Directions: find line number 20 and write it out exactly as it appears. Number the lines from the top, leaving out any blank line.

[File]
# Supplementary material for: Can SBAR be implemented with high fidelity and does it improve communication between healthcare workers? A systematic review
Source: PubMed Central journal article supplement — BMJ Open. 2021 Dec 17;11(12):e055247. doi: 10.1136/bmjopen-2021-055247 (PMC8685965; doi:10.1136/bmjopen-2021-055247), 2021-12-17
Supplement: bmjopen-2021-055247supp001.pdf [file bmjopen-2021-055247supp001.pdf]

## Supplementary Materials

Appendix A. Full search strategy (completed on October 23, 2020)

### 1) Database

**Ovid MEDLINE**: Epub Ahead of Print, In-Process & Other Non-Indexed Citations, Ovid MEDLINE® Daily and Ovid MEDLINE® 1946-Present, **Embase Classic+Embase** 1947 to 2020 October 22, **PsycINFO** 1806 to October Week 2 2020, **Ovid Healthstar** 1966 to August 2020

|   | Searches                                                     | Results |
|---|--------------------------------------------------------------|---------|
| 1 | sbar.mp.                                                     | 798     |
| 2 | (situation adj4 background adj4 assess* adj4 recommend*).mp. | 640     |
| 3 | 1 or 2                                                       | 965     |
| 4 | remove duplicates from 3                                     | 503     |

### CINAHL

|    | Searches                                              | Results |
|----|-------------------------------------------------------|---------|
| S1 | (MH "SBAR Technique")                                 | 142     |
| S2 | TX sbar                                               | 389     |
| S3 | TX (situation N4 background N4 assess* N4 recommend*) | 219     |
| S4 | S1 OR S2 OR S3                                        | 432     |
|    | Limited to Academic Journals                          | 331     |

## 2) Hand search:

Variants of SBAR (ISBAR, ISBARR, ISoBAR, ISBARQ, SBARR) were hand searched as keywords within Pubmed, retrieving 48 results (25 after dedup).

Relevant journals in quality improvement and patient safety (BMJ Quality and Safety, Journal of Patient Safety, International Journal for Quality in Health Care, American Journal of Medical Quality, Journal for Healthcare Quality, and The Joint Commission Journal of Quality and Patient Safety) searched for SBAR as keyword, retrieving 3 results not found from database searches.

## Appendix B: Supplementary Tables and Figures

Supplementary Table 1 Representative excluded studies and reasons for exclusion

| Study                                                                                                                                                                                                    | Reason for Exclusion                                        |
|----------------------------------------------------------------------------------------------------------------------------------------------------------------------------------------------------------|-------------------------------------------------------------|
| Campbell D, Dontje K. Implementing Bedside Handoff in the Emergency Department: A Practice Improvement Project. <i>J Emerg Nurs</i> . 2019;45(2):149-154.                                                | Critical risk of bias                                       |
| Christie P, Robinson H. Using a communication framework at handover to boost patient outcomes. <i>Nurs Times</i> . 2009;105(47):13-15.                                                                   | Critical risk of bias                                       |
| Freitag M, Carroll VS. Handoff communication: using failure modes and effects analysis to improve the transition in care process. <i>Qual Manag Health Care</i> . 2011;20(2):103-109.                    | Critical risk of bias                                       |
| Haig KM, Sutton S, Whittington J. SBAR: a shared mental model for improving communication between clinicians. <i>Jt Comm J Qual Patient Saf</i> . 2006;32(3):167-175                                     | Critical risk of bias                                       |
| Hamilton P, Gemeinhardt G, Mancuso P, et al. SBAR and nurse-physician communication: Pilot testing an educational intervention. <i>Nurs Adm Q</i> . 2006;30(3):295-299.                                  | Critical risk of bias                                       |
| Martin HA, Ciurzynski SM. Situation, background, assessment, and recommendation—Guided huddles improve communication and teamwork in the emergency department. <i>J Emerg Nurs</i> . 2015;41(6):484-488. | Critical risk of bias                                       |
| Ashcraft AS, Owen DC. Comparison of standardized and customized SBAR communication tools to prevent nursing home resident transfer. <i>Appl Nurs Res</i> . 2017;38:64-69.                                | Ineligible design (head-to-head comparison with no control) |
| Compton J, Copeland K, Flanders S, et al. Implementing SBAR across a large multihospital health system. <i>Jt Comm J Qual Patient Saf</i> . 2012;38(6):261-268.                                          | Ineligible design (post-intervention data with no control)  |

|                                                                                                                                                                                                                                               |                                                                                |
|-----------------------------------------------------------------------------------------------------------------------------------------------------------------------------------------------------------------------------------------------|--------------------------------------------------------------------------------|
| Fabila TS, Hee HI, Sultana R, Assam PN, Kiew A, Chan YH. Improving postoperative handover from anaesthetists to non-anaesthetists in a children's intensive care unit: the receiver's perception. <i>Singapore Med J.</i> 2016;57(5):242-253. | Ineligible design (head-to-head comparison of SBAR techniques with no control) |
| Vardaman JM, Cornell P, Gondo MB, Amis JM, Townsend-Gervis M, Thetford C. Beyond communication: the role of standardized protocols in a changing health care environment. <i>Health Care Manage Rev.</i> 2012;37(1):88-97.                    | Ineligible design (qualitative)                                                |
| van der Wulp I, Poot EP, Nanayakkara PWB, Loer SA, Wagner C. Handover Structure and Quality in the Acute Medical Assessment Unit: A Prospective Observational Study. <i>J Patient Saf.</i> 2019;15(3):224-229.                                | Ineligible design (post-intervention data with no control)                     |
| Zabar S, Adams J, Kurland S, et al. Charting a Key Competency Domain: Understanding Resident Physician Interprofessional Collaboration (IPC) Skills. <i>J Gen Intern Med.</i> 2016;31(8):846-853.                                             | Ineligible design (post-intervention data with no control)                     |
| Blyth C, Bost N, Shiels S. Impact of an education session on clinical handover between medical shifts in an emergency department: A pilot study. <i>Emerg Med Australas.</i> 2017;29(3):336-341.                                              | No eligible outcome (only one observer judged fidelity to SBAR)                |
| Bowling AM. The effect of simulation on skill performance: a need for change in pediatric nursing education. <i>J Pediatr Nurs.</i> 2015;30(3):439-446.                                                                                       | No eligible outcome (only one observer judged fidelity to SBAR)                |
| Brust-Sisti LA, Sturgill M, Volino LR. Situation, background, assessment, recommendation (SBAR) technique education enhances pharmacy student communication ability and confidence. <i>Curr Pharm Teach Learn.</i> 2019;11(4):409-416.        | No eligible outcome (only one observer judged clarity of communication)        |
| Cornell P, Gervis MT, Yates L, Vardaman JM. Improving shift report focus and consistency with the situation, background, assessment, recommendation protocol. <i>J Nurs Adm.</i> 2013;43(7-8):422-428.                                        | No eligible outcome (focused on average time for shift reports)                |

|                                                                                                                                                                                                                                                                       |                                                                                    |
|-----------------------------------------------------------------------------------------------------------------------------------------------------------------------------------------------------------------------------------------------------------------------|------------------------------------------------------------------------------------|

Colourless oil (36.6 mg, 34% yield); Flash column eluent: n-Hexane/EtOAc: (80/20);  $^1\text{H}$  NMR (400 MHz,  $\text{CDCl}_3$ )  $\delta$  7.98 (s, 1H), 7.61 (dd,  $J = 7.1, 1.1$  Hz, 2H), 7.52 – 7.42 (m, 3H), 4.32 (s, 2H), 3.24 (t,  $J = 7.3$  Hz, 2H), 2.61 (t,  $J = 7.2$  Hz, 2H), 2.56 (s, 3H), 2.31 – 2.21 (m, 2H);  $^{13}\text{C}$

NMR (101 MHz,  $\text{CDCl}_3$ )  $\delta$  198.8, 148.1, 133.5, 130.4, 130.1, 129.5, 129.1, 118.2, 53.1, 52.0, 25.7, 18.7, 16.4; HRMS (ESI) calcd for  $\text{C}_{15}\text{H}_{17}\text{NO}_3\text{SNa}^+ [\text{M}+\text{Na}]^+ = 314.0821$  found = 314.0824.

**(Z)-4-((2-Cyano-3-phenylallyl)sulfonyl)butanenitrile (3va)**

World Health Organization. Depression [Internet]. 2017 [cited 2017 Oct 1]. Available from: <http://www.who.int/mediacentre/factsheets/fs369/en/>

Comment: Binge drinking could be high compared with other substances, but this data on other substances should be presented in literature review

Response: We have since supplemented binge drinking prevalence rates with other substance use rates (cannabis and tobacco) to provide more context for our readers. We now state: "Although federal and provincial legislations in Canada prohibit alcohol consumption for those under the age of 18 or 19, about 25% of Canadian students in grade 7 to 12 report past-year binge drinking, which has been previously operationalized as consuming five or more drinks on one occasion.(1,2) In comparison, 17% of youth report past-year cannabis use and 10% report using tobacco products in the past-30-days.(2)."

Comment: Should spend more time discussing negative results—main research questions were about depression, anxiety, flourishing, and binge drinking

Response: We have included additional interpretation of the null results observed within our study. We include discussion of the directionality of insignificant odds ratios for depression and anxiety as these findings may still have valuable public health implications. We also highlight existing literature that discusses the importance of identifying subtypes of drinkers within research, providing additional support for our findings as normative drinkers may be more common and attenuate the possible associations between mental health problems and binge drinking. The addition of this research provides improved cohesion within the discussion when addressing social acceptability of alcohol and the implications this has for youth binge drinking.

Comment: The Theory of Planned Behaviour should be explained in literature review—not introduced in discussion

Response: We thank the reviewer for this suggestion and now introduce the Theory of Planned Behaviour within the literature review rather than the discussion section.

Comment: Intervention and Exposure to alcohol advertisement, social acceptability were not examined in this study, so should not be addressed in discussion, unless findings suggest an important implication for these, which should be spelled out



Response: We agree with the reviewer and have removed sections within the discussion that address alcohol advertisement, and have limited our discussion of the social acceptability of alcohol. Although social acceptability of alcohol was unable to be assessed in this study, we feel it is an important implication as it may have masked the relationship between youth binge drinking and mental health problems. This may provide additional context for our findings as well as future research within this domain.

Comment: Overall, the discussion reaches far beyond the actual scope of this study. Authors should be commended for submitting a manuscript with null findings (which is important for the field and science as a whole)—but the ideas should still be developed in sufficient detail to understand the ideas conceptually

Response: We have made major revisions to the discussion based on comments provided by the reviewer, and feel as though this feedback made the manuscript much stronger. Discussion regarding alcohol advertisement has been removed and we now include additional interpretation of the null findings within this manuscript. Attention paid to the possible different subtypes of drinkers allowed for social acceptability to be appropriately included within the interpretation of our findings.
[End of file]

| S4 | S1 OR S2 OR S3                                        | 432     |